Now, I'm not one to be put off by a little fat, so for me the duck at LiQun was #2 because the meat was so much better than at Made In China; one of my hosts agreed. The other, who is one to be put off by a little fat, found the duck at LiQun downright difficult to eat, and far preferred Made in China. But we all agreed that the duck at Quanjude was #1. The thing to do, I think, would be to take a little container of pureed garlic with you to Quanjude, although for all I know you might be able to order it there.
Now, as a caveat, I only ate one data point at each restaurant, so it's possible that some of my experiences may have been statistically aberrant. As I say, I'm no expert on the Beijing food scene. But, for what it's worth, there's an outsider's perspective on the Beijing duck brawl.
What a great report. Thanks! Of the three you ate at, I only tried Made in China and I have to beg to disagree, as I thought the duck was wonderful....I am trying to remember if they gave me the garlic sauce or not... Next time try to make it to Da Dong which was probably my favorite ...they also served the sugar with the duck...I liked the combination, though!
One thing we have to agree on, there is a lot of great food to be had in that city!
yes, these are the three that are usually argued about, as well as Da Dong, which is supposed to be as good but cheaper.
Now, in which Quanjude did you eat? We were at the one way up near the new stadium, near the 5th ring road; there are at least 5 locations, including the one at Wangfujing and the original, near Tiananmen Square. Even though they all use the same source (their own supply system), I have heard that the quality varies from branch to branch. Our Quanjude duck was amazingly perfect, the restaurant and service excellent. It would have to be a pretty amazing duck to top the meal we had there.
I will be going to Beijing next April and am just starting to do some research on restuarants and so forth. Of course, duck is high on our list. One question I have: neither my husband or I speak any chinese. Will this be an issue at any of these restaurants you have mentioned. Any other tips you can give me would be great. I eat a great variety of things. My husband does not eat seafood. I know. I know.
Thanks as always.
Quanjude is very well known and set up to cater to tourists, with photo-menus. There is usually someone on staff to help with some English if you need it.
Your hotel will have a concierge who can write names and locations of places you want to go in Chinese on little cards that you can show to cab drivers (sometimes cab drivers still won't know where things are, though! Beijing is huge, changing fast, and can bearly keep up with the demand for cabs!)
For Sichuan please try Baguo buyi--absolutely wonderful food, also with a photo-menu.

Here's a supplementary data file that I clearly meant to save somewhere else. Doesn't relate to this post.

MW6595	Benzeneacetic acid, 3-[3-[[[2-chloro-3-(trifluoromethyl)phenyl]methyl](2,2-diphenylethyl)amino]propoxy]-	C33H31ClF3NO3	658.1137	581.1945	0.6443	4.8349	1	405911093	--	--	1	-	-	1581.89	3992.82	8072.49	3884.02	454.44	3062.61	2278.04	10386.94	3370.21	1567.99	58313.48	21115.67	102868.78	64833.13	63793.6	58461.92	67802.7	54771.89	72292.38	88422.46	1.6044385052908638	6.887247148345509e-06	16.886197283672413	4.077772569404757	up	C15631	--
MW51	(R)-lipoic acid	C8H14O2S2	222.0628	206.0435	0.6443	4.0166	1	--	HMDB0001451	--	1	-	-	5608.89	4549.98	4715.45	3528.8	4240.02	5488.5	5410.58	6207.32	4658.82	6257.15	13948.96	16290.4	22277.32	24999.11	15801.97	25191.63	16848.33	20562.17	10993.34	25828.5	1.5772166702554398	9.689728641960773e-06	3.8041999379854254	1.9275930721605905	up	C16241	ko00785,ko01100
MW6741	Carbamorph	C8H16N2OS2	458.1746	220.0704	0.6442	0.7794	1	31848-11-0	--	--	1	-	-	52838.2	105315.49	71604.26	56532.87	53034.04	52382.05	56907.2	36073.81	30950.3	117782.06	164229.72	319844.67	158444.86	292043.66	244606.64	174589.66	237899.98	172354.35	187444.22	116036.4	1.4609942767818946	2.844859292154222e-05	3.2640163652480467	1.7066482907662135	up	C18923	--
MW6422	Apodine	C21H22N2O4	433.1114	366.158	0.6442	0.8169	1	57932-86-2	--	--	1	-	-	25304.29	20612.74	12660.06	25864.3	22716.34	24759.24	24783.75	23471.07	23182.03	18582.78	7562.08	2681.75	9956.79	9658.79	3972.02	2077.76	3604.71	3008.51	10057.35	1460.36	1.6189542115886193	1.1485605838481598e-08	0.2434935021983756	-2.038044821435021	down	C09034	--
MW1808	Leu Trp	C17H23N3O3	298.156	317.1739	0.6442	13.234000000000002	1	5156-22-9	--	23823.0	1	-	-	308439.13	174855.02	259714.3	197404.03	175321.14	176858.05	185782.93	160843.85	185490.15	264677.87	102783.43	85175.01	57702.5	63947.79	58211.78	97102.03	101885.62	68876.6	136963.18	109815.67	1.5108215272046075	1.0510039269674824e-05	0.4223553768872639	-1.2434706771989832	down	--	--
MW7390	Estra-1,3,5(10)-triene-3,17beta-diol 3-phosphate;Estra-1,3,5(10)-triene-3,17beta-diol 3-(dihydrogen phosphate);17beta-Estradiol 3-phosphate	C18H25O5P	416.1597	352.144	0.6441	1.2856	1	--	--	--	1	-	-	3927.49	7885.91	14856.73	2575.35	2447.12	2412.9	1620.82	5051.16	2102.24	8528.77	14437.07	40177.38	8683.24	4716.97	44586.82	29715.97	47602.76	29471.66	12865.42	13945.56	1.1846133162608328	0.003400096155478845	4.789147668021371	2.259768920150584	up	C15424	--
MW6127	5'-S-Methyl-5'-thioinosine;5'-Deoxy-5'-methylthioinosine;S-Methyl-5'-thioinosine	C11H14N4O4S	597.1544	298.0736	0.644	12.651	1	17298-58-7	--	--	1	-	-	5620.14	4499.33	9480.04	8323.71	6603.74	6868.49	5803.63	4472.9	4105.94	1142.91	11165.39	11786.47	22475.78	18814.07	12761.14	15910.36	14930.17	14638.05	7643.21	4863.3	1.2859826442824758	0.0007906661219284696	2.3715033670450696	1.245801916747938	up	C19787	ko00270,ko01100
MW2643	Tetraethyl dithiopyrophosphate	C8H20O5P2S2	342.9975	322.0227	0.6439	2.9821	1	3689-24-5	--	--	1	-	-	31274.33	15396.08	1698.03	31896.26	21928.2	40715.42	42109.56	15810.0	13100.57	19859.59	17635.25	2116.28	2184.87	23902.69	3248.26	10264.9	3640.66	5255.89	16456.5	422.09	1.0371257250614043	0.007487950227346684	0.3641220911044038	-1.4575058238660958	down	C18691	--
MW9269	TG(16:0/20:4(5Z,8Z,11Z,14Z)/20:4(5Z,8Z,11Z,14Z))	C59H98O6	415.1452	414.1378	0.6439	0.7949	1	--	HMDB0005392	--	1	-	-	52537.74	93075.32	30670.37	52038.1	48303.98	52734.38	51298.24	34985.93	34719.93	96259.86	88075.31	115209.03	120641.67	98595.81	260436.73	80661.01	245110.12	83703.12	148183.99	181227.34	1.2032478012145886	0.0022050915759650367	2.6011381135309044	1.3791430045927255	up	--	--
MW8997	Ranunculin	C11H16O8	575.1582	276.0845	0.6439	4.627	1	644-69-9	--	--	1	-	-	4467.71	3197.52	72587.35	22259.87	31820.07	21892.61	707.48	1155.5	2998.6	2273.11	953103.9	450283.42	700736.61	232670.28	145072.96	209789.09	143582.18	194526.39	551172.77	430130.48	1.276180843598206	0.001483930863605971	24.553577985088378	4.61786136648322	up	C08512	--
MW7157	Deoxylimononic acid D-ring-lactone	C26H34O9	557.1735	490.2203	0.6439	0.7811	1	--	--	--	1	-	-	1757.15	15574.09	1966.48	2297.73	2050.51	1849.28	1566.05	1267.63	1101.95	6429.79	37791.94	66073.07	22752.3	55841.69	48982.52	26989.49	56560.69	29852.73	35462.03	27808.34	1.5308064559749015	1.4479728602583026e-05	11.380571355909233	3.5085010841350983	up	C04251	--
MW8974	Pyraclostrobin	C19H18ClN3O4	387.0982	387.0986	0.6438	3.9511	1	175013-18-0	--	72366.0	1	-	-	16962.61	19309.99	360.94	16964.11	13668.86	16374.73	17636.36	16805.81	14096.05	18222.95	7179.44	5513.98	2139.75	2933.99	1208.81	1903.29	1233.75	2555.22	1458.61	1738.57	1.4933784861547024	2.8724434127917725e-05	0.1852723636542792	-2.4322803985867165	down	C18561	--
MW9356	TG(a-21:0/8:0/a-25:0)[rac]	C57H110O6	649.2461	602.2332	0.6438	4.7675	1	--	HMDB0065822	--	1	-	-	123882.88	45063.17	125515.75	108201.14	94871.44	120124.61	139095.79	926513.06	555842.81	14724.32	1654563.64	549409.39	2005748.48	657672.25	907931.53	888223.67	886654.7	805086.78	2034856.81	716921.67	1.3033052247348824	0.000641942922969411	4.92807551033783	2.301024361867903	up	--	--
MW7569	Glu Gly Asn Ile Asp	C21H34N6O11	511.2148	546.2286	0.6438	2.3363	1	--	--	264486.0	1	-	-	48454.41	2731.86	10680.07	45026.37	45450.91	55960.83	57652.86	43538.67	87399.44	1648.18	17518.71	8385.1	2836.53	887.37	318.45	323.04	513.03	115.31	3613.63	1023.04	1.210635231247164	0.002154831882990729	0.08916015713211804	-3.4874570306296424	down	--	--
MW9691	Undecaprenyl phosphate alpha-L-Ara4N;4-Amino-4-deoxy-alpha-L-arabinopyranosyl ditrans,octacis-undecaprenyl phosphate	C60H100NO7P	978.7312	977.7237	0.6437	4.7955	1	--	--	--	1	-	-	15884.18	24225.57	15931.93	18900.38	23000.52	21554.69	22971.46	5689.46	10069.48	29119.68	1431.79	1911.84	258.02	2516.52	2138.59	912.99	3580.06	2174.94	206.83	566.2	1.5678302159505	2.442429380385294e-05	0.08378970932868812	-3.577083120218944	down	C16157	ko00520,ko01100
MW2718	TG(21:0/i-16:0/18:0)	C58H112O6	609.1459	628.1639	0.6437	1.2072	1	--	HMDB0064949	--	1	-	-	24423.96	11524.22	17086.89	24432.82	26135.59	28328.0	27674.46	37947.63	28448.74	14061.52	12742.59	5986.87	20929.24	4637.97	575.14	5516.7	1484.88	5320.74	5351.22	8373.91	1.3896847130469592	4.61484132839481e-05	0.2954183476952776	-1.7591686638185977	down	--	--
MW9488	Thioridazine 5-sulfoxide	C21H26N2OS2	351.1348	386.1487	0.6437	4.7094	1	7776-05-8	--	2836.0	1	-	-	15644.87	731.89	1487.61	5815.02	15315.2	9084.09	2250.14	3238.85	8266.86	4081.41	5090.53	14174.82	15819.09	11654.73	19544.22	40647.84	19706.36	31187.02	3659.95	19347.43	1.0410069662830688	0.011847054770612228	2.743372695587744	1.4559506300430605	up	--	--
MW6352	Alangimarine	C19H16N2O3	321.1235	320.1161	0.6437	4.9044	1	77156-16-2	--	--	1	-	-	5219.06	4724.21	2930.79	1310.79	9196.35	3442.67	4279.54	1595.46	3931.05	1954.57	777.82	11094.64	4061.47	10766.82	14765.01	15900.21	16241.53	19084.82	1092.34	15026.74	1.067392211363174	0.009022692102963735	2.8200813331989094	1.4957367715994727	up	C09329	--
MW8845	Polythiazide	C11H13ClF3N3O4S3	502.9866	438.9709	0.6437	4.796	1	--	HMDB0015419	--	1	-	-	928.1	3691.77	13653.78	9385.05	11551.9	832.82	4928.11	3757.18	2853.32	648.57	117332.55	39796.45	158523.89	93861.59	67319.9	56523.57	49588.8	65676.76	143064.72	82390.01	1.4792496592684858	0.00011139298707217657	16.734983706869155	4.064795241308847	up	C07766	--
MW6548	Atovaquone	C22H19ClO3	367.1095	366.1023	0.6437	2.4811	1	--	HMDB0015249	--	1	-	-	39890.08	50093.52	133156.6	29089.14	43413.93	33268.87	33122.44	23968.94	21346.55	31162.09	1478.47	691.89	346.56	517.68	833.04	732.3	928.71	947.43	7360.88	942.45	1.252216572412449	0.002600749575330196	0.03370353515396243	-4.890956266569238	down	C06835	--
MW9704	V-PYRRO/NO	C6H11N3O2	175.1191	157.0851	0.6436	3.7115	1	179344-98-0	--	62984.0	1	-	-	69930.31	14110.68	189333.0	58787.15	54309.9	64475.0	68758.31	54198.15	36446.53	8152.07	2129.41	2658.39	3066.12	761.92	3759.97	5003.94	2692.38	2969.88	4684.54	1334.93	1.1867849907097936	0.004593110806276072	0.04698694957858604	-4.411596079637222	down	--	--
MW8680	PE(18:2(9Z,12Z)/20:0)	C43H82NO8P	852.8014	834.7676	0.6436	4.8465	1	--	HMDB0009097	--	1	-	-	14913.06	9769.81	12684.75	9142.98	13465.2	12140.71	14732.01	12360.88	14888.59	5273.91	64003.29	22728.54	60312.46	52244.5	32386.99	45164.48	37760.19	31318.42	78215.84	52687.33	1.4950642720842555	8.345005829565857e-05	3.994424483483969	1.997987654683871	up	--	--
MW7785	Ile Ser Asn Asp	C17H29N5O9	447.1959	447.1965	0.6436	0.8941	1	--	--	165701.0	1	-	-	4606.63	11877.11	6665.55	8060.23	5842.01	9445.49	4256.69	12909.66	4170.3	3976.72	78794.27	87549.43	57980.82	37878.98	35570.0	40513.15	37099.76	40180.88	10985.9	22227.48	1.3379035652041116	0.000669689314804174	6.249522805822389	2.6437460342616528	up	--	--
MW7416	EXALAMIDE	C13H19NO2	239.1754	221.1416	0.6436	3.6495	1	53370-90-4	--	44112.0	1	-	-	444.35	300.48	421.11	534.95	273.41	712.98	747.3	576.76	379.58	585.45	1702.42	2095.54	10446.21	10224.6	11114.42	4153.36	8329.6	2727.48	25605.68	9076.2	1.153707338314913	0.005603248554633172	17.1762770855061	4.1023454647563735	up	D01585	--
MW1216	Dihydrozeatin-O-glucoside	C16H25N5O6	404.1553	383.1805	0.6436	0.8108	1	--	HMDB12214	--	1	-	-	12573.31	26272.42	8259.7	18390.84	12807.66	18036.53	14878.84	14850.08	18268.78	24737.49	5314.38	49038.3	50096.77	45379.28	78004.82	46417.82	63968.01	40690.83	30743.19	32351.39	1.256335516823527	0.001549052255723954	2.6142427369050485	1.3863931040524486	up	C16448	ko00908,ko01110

Have a wonderful time--I was amazed at how good the food is in Beijing...better than Hong Kong!
Great thanks. I never thought of photo menues. I also have heard alot of Snack Street. Are there any must trys?
We will also be in Xi'an on our own. Any recomendationns there? We will be there one night.
We will then be meeting up with my brother in law who lives in china and speaks chinese so it will be a bit easier.
I speak no Chinese. I was admittedly travelling with friends who spoke some, but it certainly would not have been an issue at Quanjude or Made In China. I could see it being a slight stumbling block at LiQun, but not really - you should be fine.
Finding LiQun was the part of the weekend thar really taxed my travelling companions' language skills.
Next time check out bianyifang which does a different style duck than Quanjude (different oven) butis almost as old.
the side dishes are one of the great things about the whole duck banquet and quanjude offers over 100 duck dishes.
I wouldn't be too sure about the dark sacue being hoisin- at the quanjude in rosemead (1/2 owned by the PLA) they used tianmianjiang, which looks similar to hoisin but has a different flavor.
I think Zankou may have pureed potato in the garlic sauce.
As to Xi'an - check out tongshengxiang for lamb (or beef) paomo, there's a place that has biang-biang mian (local specialty) sweet eight treasure rice xi'an style (babao fan), the all dumpling banquet, and many other specialties. Your hotel should be able to direct you.
I did exactly that same beijing duck tour in June 2006 :)
Don't remember if I reviewed LiQin.... but basically my impressions were precisely the same as yours. Quanjude's meat was deeper, sultrier, so much more layers of smokey richness. Made in China was a very distant 3rd.
Like so many others before us, we were attracted to Li Qun based on the many excellent, quality reviews posted all over the Internet, and on the desire to hunt for a "gem" in the hutongs of Beijing. However, we have noticed several bad reviews warning us of very bad food (and very poor hygiene to boot), and the trend has been more negative of late. Against better judgment, we ignored these bad reviews and paid the price for it...Our advice, save your time and money, and go elsewhere..there are definitely better places in Beijing.